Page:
Spaying and neutering can also have an impact on the length of your dog’s life. A female dog who has never had a litter of pups may live longer than one who has had the burden of giving birth and caring for several hungry pups. Additionally, neutering can reduce the chance of a dog getting cancer due to sex-related hormones.
General Fitness and Environmental Stressors
Free roaming and stray dogs fair much more poorly than the more pampered domestic pet. They often only live to be 6-8 years old due to the harsh conditions which they face each day. Without access to human intervention for health care and the daily struggle to find food, these unfortunate street dogs do not usually last as long.
Another concern for household dogs is poor diet, obesity, and lack of exercise. Just as with humans, being overweight for dogs can lead to heart disease and diabetes. Likewise, low-quality kibble dog food may not be the best diet for your dog. Some owners prefer to feed their dogs fresh, whole food, or raw diets, especially if they are at risk for cancer.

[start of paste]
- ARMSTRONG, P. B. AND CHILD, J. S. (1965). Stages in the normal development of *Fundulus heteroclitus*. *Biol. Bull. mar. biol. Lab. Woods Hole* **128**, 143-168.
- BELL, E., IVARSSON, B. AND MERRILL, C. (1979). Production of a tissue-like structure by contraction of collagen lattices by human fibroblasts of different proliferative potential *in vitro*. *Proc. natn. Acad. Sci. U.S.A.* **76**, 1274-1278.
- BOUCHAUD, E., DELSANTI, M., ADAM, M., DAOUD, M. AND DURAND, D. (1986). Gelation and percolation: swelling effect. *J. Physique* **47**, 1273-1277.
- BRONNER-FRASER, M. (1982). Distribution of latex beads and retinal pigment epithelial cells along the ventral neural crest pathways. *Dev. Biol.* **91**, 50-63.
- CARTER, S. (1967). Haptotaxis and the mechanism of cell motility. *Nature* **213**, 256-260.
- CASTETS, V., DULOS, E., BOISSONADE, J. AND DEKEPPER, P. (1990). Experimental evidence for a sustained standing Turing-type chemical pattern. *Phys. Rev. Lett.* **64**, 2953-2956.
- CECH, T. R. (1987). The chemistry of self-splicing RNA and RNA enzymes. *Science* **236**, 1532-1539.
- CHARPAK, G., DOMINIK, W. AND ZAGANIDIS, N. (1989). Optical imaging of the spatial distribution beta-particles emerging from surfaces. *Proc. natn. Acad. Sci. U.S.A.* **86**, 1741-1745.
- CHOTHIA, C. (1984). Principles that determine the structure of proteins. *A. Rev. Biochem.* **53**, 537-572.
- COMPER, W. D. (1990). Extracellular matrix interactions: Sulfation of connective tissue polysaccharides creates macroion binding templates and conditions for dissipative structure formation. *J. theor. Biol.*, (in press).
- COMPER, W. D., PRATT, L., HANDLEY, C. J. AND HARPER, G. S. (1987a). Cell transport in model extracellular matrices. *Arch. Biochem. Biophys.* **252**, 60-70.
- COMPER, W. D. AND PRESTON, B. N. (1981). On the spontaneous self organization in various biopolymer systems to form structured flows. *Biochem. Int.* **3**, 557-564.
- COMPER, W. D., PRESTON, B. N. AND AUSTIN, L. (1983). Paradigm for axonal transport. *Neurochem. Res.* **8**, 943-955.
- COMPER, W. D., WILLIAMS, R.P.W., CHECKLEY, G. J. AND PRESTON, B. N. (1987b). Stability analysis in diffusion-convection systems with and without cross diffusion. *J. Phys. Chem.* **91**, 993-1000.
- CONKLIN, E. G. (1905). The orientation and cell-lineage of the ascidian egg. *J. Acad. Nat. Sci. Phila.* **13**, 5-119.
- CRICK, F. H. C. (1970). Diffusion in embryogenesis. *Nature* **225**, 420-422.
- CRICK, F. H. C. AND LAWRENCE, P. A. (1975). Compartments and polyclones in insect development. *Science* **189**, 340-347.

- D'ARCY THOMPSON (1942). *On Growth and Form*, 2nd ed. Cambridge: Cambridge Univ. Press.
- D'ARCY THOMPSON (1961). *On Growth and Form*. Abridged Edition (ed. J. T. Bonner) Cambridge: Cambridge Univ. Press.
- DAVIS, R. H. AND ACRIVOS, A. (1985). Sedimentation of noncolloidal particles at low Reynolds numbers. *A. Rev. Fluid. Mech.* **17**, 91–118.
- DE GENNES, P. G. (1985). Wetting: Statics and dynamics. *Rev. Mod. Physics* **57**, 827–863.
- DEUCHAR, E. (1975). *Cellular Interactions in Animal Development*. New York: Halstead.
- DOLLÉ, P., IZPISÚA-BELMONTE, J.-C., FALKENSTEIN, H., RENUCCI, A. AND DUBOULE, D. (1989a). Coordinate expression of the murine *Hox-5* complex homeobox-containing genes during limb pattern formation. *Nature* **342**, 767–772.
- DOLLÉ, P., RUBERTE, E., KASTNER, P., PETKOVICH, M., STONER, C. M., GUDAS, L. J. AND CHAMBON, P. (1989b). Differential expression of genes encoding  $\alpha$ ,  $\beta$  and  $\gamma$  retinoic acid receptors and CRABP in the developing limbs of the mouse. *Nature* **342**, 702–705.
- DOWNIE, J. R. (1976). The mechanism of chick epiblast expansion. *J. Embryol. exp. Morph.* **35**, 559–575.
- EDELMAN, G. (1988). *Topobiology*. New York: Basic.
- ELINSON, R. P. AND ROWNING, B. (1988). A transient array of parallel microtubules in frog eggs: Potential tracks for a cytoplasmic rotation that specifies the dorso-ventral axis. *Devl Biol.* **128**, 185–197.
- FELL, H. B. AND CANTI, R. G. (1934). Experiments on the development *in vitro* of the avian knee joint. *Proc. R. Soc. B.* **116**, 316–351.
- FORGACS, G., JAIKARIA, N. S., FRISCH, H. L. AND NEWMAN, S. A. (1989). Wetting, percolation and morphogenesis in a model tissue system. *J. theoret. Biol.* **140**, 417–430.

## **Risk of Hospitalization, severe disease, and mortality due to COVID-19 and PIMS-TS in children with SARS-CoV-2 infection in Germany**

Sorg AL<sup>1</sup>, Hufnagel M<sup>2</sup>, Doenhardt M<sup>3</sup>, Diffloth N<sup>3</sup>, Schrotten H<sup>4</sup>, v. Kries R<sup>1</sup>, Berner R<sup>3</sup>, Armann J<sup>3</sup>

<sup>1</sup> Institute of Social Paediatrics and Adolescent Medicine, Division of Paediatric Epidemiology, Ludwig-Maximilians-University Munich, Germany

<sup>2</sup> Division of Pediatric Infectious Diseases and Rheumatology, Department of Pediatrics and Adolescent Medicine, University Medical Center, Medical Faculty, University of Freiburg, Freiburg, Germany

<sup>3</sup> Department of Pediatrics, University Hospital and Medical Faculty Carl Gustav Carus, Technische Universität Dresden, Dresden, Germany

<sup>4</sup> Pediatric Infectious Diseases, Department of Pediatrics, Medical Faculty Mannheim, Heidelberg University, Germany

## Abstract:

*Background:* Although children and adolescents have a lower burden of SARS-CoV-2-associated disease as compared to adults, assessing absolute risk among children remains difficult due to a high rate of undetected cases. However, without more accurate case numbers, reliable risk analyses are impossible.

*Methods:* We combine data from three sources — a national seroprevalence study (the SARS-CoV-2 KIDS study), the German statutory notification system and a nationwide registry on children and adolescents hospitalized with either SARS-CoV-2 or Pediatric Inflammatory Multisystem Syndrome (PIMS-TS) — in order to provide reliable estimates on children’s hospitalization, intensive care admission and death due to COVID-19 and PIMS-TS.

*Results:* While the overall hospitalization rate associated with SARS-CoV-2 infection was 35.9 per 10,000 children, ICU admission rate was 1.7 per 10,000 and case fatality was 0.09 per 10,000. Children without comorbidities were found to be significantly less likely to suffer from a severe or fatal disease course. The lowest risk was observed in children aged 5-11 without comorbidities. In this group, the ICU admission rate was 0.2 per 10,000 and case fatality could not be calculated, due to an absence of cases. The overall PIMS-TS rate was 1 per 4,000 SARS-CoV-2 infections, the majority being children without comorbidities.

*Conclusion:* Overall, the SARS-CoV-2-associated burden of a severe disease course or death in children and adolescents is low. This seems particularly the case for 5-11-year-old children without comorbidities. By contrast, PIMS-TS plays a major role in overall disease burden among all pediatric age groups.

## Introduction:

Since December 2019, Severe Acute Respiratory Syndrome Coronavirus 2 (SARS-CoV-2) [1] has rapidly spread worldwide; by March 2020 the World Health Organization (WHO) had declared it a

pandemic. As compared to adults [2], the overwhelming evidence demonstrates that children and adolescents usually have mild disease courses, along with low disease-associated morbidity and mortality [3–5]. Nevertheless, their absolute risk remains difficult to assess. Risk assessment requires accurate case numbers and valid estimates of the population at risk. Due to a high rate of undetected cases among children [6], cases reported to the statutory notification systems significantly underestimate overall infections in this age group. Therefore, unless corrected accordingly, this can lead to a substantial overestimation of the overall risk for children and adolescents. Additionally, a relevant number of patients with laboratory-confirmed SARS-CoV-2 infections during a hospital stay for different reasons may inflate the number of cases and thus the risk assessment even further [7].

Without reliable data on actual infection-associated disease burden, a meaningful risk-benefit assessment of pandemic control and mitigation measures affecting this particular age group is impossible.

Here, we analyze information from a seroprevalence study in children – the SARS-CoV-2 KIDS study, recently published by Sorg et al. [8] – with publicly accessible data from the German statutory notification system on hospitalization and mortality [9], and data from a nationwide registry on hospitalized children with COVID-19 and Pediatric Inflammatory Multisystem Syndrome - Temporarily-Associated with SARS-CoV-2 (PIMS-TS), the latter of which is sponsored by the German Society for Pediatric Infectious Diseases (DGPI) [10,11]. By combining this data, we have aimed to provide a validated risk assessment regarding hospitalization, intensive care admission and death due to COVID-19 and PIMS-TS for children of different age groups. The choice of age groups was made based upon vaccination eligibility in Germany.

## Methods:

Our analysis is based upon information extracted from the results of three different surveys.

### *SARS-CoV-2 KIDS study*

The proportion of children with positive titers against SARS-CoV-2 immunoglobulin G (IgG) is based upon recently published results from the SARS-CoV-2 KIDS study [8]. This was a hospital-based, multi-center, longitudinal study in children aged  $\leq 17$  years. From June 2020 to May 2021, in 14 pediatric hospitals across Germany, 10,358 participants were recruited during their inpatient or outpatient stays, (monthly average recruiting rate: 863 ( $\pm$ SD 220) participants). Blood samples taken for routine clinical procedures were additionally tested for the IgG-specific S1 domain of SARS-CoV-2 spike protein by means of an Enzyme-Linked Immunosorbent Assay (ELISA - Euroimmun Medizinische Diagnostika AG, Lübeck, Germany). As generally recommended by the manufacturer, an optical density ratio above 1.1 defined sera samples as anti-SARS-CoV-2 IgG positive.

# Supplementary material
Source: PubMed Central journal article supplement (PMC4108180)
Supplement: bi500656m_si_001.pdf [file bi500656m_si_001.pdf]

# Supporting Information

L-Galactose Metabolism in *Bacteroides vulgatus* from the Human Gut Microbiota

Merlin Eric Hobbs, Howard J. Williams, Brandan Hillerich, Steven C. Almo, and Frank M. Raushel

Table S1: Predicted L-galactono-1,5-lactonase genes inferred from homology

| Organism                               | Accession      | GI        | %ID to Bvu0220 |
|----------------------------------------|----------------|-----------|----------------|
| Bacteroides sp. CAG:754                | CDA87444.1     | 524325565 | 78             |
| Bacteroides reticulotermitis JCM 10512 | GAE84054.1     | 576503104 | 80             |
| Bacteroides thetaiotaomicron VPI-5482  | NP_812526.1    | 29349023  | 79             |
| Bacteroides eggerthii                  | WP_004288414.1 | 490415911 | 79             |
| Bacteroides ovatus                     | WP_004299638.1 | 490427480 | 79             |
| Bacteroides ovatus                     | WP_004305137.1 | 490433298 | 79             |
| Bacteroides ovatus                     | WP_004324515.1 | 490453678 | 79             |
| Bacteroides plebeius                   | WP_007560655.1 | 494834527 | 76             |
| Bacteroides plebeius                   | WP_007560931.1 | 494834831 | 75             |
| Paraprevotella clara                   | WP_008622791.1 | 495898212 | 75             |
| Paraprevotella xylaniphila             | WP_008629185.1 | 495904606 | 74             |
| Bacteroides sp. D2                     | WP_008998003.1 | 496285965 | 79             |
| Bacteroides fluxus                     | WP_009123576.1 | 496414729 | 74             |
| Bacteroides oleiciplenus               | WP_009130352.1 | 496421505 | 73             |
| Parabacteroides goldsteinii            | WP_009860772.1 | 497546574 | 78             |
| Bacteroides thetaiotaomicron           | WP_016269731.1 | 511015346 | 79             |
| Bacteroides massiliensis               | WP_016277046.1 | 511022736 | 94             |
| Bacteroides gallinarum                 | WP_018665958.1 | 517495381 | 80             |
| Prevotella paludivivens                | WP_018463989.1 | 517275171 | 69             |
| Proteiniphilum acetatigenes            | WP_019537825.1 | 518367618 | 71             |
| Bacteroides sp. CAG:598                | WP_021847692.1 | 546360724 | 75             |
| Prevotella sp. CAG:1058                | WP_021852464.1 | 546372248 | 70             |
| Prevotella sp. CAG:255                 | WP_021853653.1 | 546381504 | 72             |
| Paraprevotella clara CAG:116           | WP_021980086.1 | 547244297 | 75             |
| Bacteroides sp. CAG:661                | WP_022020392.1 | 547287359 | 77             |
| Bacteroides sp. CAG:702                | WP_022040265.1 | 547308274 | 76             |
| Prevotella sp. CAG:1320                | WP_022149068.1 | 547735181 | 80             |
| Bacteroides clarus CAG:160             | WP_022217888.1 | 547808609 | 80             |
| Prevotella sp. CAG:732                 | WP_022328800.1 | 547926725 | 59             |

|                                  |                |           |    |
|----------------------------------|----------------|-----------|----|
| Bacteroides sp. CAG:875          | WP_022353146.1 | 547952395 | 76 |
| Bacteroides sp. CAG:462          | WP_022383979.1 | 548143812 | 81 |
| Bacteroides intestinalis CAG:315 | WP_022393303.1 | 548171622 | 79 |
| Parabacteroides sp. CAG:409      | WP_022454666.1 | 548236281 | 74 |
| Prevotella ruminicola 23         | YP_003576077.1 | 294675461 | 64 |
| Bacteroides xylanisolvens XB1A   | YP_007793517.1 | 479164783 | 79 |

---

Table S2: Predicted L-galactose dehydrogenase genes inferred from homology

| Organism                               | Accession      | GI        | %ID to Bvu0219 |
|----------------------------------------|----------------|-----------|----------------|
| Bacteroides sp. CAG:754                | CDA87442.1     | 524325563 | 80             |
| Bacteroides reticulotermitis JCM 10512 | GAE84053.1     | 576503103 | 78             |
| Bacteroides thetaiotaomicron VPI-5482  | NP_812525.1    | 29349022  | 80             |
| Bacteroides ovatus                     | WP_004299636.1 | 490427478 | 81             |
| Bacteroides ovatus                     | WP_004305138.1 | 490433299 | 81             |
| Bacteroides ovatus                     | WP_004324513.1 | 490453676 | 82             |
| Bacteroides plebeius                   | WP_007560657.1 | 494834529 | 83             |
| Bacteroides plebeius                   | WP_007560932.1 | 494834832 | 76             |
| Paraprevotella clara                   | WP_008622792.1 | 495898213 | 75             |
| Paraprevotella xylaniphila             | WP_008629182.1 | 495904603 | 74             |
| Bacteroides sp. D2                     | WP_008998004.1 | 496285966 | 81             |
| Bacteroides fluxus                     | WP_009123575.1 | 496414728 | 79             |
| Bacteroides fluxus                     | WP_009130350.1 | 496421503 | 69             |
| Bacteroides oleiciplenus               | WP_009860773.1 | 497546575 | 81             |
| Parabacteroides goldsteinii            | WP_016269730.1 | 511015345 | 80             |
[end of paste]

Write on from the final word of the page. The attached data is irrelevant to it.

Dogs also need sufficient daily exercise to build muscles and stay lean. Taking our pooches out for a walk each day is good for us as well! So, get that leash out and tie on those sneakers! Spending time in nature with your favorite pup is a great bonding experience and good for the soul.
Oldest Living Dogs
According to the Guinness World Records, a dog named Gino Wolf who lives in Southern California is the oldest dog still alive as of November 15th, 2022 when he was 22 years and 52 days old. Gino is a small, white mixed-breed dog who was adopted from a shelter when he was two years old. His owner attributes his longevity to a lot of love, care, fresh, whole food, and a strong, joyful personality.